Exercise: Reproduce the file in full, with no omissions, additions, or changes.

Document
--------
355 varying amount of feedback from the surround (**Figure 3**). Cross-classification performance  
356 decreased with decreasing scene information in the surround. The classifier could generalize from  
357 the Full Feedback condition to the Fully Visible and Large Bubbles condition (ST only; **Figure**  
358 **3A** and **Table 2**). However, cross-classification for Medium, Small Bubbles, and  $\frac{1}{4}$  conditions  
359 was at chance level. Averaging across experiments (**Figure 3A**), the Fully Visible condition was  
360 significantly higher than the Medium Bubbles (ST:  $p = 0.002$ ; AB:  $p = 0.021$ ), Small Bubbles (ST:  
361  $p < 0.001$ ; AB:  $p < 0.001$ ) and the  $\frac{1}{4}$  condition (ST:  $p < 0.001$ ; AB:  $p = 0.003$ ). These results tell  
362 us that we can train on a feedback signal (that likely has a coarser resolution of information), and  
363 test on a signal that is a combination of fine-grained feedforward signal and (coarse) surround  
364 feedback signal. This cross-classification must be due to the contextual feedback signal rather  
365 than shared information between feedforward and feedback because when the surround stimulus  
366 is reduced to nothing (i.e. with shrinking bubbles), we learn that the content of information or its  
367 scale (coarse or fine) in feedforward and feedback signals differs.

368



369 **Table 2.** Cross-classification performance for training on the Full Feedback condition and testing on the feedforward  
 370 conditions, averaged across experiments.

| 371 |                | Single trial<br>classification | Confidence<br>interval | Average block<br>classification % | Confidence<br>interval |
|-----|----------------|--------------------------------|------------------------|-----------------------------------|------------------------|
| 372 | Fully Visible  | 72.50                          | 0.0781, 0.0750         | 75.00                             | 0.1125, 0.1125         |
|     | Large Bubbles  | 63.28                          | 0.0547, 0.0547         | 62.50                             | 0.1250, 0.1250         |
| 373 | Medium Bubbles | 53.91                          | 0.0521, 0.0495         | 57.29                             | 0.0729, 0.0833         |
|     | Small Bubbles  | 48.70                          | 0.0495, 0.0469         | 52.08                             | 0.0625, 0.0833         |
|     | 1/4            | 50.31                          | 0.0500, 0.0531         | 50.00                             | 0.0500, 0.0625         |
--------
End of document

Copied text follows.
355 varying amount of feedback from the surround (**Figure 3**). Cross-classification performance  
356 decreased with decreasing scene information in the surround. The classifier could generalize from  
357 the Full Feedback condition to the Fully Visible and Large Bubbles condition (ST only; **Figure**  
358 **3A** and **Table 2**). However, cross-classification for Medium, Small Bubbles, and  $\frac{1}{4}$  conditions  
359 was at chance level. Averaging across experiments (**Figure 3A**), the Fully Visible condition was  
360 significantly higher than the Medium Bubbles (ST:  $p = 0.002$ ; AB:  $p = 0.021$ ), Small Bubbles (ST:  
361  $p < 0.001$ ; AB:  $p < 0.001$ ) and the  $\frac{1}{4}$  condition (ST:  $p < 0.001$ ; AB:  $p = 0.003$ ). These results tell  
362 us that we can train on a feedback signal (that likely has a coarser resolution of information), and  
363 test on a signal that is a combination of fine-grained feedforward signal and (coarse) surround  
364 feedback signal. This cross-classification must be due to the contextual feedback signal rather  
365 than shared information between feedforward and feedback because when the surround stimulus  
366 is reduced to nothing (i.e. with shrinking bubbles), we learn that the content of information or its  
367 scale (coarse or fine) in feedforward and feedback signals differs.

368



369 **Table 2.** Cross-classification performance for training on the Full Feedback condition and testing on the feedforward  
 370 conditions, averaged across experiments.

| 371 |                | Single trial<br>classification | Confidence<br>interval | Average block<br>classification % | Confidence<br>interval |
|-----|----------------|--------------------------------|------------------------|-----------------------------------|------------------------|
| 372 | Fully Visible  | 72.50                          | 0.0781, 0.0750         | 75.00                             | 0.1125, 0.1125         |
|     | Large Bubbles  | 63.28                          | 0.0547, 0.0547         | 62.50                             | 0.1250, 0.1250         |
| 373 | Medium Bubbles | 53.91                          | 0.0521, 0.0495         | 57.29                             | 0.0729, 0.0833         |
|     | Small Bubbles  | 48.70                          | 0.0495, 0.0469         | 52.08                             | 0.0625, 0.0833         |
|     | 1/4            | 50.31                          | 0.0500, 0.0531         | 50.00                             | 0.0500, 0.0625         |